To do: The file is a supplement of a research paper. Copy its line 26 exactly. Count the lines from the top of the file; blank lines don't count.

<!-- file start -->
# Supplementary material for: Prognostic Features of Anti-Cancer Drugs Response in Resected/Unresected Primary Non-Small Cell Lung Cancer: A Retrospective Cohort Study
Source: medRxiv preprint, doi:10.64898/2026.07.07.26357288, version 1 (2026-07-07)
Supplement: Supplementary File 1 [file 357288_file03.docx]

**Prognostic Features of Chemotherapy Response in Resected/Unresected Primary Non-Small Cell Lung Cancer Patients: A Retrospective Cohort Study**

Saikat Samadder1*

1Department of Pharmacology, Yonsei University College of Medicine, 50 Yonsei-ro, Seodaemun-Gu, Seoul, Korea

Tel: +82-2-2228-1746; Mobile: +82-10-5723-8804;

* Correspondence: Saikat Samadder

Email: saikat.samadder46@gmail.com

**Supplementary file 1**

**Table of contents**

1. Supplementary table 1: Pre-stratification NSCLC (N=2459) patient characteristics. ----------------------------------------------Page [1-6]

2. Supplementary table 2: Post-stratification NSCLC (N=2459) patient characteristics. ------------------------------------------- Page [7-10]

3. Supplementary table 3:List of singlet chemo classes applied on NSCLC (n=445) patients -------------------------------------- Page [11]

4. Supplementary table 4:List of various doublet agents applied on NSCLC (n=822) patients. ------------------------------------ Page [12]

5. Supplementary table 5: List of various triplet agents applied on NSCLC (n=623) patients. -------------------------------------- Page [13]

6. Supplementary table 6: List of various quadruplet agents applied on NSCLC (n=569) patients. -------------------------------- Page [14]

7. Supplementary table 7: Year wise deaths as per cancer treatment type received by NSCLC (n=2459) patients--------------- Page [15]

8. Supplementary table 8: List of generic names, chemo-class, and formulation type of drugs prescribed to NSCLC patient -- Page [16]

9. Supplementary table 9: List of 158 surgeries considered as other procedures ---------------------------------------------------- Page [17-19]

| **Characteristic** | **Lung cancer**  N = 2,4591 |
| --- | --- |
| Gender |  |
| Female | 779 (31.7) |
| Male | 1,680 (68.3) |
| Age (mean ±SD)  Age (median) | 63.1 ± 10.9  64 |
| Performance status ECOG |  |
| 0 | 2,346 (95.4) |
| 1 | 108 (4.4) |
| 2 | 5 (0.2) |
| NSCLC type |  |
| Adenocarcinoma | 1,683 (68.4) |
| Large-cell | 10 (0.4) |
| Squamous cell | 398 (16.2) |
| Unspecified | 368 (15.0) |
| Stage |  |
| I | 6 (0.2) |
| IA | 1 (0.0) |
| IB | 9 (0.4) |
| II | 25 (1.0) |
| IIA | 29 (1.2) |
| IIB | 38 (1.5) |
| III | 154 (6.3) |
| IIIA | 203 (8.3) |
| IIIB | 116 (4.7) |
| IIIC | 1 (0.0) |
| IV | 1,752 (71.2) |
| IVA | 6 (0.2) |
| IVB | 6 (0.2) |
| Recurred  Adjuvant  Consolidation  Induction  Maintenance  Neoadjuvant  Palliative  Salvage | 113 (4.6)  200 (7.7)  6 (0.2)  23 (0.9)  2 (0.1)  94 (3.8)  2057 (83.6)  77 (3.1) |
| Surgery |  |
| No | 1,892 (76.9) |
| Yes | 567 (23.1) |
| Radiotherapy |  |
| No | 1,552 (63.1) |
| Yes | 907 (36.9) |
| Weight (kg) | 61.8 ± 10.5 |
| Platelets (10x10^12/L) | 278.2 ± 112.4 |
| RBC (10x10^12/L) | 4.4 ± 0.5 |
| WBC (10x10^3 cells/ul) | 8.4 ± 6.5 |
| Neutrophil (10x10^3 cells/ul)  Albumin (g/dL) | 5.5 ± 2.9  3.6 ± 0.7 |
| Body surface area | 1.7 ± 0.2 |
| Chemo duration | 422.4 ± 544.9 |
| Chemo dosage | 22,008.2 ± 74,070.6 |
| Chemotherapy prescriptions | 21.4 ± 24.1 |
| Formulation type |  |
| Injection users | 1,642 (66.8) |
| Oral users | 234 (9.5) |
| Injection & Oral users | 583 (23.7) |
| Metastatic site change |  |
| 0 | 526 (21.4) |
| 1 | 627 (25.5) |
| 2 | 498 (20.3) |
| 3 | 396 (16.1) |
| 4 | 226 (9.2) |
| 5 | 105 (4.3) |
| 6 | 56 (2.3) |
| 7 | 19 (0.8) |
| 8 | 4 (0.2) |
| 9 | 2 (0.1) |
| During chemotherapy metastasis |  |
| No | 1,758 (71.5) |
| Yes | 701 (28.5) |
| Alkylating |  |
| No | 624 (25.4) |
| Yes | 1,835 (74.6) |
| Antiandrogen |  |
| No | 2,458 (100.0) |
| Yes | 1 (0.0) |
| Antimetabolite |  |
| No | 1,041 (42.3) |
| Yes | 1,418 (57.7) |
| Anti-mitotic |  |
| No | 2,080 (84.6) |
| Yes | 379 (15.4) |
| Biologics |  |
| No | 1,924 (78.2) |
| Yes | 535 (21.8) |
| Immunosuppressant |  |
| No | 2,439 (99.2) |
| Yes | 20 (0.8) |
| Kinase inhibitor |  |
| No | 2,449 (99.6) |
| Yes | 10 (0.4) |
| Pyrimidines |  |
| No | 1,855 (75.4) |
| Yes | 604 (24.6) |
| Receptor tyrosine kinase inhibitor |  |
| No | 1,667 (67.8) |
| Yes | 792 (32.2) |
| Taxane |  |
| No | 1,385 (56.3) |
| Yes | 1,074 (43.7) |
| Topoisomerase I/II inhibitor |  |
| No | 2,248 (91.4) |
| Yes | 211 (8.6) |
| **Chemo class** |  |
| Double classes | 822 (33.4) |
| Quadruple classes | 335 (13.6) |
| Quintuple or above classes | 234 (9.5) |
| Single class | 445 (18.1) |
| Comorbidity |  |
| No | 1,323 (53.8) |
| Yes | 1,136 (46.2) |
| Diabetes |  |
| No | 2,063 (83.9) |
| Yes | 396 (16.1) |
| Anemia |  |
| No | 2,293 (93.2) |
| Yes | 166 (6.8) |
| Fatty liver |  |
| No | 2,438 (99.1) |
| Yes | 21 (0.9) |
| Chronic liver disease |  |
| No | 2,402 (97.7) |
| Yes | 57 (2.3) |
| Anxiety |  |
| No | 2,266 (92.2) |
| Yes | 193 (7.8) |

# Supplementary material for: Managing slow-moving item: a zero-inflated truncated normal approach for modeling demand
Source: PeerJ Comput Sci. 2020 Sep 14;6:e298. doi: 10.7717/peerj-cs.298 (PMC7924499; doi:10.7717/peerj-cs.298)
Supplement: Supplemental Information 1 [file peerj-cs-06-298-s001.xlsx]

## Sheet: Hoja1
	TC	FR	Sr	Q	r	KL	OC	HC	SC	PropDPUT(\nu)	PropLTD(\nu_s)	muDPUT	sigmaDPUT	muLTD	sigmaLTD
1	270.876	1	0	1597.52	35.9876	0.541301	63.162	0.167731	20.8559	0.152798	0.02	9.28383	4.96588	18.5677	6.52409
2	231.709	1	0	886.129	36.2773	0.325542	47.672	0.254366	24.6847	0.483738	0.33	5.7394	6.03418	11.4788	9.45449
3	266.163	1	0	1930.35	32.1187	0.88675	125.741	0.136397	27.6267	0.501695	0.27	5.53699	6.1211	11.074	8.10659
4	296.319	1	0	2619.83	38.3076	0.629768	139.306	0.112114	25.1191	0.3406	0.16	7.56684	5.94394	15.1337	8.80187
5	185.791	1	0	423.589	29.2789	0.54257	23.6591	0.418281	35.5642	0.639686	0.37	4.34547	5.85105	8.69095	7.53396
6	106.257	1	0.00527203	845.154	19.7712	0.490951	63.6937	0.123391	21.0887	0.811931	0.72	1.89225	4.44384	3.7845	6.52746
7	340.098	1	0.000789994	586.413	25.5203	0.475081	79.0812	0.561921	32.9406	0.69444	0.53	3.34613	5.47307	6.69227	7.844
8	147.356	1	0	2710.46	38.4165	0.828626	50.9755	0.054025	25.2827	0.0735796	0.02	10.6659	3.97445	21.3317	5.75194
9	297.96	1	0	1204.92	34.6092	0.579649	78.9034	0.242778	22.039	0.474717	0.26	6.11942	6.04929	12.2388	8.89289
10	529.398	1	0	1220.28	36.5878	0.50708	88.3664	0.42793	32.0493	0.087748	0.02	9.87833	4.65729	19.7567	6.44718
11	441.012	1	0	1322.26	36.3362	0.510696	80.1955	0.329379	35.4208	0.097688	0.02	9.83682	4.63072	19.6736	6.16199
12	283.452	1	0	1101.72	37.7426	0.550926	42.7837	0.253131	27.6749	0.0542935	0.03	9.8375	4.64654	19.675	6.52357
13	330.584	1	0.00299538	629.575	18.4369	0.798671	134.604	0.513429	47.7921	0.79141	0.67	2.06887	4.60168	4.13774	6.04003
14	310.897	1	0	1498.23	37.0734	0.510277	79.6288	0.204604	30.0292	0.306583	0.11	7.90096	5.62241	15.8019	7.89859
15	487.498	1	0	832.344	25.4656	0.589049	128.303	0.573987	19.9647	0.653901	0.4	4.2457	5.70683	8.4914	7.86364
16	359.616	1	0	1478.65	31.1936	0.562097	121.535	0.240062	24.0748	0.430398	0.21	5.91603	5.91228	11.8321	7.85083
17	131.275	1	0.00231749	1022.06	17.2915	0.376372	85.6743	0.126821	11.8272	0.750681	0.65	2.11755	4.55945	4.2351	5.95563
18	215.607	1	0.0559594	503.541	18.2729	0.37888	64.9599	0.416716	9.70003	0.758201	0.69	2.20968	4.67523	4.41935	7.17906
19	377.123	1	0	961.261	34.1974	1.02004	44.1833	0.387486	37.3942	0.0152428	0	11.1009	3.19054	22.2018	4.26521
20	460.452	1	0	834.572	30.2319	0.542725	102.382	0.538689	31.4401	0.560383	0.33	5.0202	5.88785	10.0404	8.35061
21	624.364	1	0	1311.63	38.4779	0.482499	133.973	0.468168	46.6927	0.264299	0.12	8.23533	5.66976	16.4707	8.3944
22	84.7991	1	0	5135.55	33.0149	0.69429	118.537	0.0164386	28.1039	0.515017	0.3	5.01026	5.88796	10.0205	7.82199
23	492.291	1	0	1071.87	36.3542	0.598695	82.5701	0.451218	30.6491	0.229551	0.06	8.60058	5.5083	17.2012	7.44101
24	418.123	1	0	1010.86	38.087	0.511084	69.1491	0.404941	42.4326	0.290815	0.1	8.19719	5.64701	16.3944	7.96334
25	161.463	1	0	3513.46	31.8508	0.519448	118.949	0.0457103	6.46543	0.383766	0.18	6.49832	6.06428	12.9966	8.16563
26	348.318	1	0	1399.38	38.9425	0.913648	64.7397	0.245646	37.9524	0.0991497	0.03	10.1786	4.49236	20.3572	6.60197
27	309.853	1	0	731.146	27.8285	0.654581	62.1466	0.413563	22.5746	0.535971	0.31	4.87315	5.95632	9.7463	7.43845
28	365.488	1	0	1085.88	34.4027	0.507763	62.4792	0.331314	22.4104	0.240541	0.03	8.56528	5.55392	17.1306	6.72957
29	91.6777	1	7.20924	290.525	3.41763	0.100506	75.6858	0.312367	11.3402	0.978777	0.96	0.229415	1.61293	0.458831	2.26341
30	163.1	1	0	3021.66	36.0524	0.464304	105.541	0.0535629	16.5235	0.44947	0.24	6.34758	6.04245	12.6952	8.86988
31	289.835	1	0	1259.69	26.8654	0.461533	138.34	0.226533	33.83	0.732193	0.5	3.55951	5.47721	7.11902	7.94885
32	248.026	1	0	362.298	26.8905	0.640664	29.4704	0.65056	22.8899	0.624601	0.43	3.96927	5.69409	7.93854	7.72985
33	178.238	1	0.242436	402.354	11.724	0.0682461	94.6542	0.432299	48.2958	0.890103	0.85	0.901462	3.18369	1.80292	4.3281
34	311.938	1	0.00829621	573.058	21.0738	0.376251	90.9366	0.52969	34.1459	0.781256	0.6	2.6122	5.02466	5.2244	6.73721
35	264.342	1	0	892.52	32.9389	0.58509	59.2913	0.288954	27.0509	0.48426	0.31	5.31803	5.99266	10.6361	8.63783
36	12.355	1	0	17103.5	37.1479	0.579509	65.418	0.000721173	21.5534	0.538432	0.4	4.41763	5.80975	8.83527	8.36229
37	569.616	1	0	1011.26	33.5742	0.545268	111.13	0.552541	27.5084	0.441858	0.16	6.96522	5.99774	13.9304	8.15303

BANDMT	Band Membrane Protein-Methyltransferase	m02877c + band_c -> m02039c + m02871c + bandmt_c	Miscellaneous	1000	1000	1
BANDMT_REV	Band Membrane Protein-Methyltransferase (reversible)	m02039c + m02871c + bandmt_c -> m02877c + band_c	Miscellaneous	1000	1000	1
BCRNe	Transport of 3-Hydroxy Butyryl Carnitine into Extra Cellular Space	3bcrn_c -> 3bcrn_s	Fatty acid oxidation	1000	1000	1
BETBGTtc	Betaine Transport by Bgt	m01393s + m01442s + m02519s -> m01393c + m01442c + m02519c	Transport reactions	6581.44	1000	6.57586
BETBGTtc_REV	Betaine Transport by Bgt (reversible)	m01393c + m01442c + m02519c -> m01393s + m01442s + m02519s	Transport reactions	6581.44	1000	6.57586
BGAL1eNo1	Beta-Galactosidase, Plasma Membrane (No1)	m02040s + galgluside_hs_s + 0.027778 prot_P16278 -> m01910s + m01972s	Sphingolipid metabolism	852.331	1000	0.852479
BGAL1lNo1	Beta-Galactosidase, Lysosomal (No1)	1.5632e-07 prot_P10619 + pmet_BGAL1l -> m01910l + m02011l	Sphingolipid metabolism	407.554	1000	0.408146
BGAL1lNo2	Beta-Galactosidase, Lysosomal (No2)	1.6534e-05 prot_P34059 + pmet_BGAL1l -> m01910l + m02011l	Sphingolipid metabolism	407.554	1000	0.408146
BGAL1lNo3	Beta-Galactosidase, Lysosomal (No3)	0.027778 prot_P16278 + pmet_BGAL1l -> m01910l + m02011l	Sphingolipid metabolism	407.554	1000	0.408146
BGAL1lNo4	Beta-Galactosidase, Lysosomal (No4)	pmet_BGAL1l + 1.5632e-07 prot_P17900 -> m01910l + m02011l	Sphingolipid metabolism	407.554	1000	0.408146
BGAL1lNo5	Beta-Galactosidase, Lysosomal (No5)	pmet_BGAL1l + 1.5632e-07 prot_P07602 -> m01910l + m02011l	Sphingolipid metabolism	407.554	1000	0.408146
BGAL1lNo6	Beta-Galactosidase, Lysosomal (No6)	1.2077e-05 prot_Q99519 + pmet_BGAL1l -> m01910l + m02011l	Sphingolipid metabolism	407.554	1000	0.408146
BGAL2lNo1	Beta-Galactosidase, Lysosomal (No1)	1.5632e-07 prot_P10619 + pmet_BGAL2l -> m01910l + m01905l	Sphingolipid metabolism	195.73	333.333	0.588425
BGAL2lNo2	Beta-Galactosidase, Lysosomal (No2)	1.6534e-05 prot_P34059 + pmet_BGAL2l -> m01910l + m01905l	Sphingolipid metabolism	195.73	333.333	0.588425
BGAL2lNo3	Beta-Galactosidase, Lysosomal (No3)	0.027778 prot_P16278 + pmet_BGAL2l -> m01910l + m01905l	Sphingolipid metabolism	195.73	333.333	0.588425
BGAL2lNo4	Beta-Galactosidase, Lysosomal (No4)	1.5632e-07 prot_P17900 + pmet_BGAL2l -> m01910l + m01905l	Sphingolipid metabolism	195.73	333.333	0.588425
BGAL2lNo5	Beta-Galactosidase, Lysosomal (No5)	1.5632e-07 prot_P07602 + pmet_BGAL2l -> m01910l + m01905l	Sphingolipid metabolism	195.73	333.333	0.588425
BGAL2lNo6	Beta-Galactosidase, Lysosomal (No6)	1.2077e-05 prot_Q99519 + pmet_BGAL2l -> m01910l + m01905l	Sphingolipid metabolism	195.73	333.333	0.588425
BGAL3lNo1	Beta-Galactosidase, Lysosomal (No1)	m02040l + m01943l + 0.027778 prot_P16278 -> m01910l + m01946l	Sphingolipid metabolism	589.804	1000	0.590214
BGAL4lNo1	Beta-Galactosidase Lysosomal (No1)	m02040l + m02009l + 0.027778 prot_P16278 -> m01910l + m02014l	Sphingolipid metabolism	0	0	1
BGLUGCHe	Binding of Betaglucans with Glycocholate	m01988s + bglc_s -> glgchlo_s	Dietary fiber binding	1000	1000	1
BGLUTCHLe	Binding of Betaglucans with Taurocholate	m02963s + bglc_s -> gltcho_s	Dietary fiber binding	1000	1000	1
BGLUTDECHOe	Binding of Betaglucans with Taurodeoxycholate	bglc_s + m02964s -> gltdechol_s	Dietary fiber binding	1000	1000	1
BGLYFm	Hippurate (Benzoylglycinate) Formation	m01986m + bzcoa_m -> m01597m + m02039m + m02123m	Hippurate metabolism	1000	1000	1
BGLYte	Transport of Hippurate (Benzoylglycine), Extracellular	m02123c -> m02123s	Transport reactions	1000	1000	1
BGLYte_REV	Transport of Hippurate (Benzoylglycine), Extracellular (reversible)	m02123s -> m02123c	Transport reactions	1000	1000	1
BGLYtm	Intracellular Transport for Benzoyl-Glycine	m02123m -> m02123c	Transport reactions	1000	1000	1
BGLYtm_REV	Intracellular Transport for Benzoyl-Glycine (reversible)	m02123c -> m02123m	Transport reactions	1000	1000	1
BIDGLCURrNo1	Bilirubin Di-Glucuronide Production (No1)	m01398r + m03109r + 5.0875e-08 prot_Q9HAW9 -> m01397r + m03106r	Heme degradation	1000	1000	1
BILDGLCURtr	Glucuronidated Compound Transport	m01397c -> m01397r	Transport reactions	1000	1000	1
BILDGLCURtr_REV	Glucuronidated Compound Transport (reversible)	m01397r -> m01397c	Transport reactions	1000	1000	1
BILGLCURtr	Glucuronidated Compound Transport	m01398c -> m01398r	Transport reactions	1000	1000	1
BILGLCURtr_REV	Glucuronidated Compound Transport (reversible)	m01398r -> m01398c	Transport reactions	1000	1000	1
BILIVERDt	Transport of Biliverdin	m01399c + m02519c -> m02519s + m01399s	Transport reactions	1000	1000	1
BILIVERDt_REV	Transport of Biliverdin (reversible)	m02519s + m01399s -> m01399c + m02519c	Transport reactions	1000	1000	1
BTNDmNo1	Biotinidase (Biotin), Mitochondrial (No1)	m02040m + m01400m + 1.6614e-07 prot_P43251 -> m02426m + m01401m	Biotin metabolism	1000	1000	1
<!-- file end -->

| Age (mean ±SD)  Age (median) | 63.1 ± 10.9  64 |